We’ve all got it. Some deny it; others broadcast it. Some inflict self shame when acknowledging it; others limit themselves because of it.Yet those who embrace it can then get to a place where healthy coping and effective treatment may occur.

What am I referring to? The answer, which may surprise some, is mental illness.  

Mental illness is often misunderstood with multiple theories of etiology. And the media, horror movies, and reality TV often present extreme, incorrect, and sensational pictures of psychiatric hospitals, types of psychotherapy, and other various treatment methods. Many stories, associated with mentally ill individuals, capture instances of horrific crimes, such as rapes, school shootings, and terrorist acts. Compounding the matter is the way people with mental illness were treated in the past. Fortunately, methods have improved and progressed from the days of lobotomies and electric convulsion therapy (ECT) – which is still used in extreme cases.

However, you might be surprised to learn of some of the many functional, accomplished, and “normal” individuals who have battled a mental health disorder. People such as Abraham Lincoln, Thomas Edison, Michelangelo, Charles Dickens, Thomas Nash, Gandhi, Mark Twain, and Princess Diana all dealt with mental illness.

It is my hope to shed some light on this topic. By providing some information and perhaps a different perspective, I would like to minimize hesitation a provider might have in treating an individual with both diabetes and a clinical mental health disorder. Individuals impacted by chronic illnesses, including diabetes, are at a higher risk of having symptoms and diagnosis of mental health disorders.

It is important to start with identifying what is mental illness. According to the National Alliance on Mental Illness (NAMI), “a mental illness is a medical condition that disrupts a person's thinking, feeling, mood, ability to relate to others and daily functioning.” With advancements in technology, research has discovered information regarding neurotransmitters and brain chemistry, which impact emotions and behavior. These developments substantiate the reality that our brains, like all organs, can malfunction. A mental health disorder is just as valid as diabetes.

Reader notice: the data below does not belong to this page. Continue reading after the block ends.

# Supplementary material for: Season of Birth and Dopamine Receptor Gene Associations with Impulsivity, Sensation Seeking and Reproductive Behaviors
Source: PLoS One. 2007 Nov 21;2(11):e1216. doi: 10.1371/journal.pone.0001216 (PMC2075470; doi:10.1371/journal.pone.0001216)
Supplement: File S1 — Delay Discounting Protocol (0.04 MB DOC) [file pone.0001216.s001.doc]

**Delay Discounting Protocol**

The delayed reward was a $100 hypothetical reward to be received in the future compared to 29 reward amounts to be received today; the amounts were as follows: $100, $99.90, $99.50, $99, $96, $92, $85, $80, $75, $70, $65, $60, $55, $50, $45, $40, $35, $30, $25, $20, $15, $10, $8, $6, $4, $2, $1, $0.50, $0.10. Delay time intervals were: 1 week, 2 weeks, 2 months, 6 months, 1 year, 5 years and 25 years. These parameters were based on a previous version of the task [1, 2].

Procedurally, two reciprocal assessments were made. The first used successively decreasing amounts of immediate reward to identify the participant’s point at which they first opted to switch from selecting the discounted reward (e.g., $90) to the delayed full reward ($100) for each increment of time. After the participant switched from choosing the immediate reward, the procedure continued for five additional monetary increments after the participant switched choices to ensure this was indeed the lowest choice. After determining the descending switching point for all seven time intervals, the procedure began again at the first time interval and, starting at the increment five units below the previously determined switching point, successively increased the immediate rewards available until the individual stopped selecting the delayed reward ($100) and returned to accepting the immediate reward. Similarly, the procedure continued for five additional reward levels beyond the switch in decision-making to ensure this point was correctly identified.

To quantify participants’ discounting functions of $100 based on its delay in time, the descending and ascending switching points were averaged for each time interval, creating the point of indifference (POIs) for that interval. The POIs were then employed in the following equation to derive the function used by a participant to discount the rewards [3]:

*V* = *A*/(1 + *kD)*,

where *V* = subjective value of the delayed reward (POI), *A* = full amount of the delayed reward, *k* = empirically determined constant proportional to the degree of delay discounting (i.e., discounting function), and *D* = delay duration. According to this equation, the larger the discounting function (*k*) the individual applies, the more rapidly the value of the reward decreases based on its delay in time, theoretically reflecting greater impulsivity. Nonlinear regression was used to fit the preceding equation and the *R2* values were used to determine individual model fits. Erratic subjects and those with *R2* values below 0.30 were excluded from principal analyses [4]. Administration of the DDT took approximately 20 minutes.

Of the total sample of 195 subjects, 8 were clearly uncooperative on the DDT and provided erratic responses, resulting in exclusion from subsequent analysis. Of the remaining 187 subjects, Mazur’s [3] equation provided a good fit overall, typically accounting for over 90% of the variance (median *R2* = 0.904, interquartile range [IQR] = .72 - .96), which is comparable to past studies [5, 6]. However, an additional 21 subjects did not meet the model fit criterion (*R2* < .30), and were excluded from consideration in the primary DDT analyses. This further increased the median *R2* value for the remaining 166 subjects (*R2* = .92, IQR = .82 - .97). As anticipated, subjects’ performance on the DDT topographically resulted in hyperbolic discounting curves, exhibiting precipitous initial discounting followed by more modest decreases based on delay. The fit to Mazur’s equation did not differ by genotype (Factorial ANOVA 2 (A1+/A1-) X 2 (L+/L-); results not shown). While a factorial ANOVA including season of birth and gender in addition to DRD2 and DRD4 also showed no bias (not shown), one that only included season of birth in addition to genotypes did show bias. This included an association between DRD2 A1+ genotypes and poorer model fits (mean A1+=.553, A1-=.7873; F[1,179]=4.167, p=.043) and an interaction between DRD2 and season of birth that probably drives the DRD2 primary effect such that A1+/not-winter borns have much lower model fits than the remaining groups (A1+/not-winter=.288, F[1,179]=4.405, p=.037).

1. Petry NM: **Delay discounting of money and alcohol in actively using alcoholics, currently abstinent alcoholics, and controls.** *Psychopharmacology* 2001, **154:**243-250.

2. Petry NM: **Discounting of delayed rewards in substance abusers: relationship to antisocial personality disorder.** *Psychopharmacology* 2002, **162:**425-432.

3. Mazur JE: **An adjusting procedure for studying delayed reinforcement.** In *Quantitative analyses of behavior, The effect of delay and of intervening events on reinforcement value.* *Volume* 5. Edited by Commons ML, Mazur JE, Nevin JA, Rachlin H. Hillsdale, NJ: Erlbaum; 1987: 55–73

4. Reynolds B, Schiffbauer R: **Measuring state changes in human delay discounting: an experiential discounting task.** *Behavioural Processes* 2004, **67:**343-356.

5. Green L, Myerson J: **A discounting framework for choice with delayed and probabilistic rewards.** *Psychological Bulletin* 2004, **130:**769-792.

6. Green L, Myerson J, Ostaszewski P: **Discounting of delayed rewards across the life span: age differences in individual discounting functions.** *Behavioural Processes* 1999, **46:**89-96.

Mental illness can be viewed as a rollercoaster ride through the course of life. Various factors impact the ability to respond effectively. It can be safely said that we will think and behave differently according to the degrees of mental wellbeing.  Emotions, such as anxiety and depression, are produced by several variables: biological, social, and psychological. Preparing for a test or a presentation may bring on anxiety, but may not warrant a clinically diagnosable anxiety disorder.  Some may have a genetic predisposition for anxiety (a disease of the brain). Identifying the etiology can be a complicated process; but regardless of its origin, we all suffer from “mental illness.”

When is a mental health diagnosis helpful? A clinical mental health disorder can be of use when describing a cluster of symptoms.The Diagnostic and Statistical Manual of Mental Disorders fifth edition (DSM-V), similar to the International Statistical Classification of Diseases and Related Health Problems (ICD) published by the World Health Organization (WHO), is the most widely used publication to diagnose a clinical mental health disorder. This manual is a publication of the American Psychiatric Association. While a person may be nervous and anxious from time to time, a clinical diagnosis such as general anxiety disorder is not appropriate. A disorder is given if one’s ability to function is greatly impaired.         

Dr. Marleen Williams, associate clinical professor, Counseling and Psychology at Brigham Young University, teaches a Mental Health Disorders course to graduate level students. On the first day of the course, as an introduction to the DSM-V, she prefaces the book by warning students that they will be reading about themselves in its pages. She informs that those who are not able to identify traits in themselves, which are associated with mental health disorders, will be harmful to patients and clients. Self awareness is encouraged. The moral of the story: our brains are susceptible to mental illness.

Although a mental health diagnosis may seem like a scarlet letter—causing some to avoid seeking treatment—by normalizing the existence of mental illness, the stigma may be eliminated. And a proper diagnosis facilitates an appropriate implementation of applicable methodologies.

In your practice, you are likely to have patients with impaired mental health. With treatment, progress and recovery are possible. With treatment, a full life can be experienced.

Referring to a patient as a “diabetic” is basically identifying a human by a malfunctioning organ—such a label is not empowering. Just like individuals with diabetes, those with a mental health disorder do not want to be labeled by a diagnosis.

Like fingerprints, each person is different. Take time to treat the whole person and not just the symptoms.

Here are some helpful sources on this topic: 

Canadian Journal of Diabetes

American Diabetes Association 

NAMI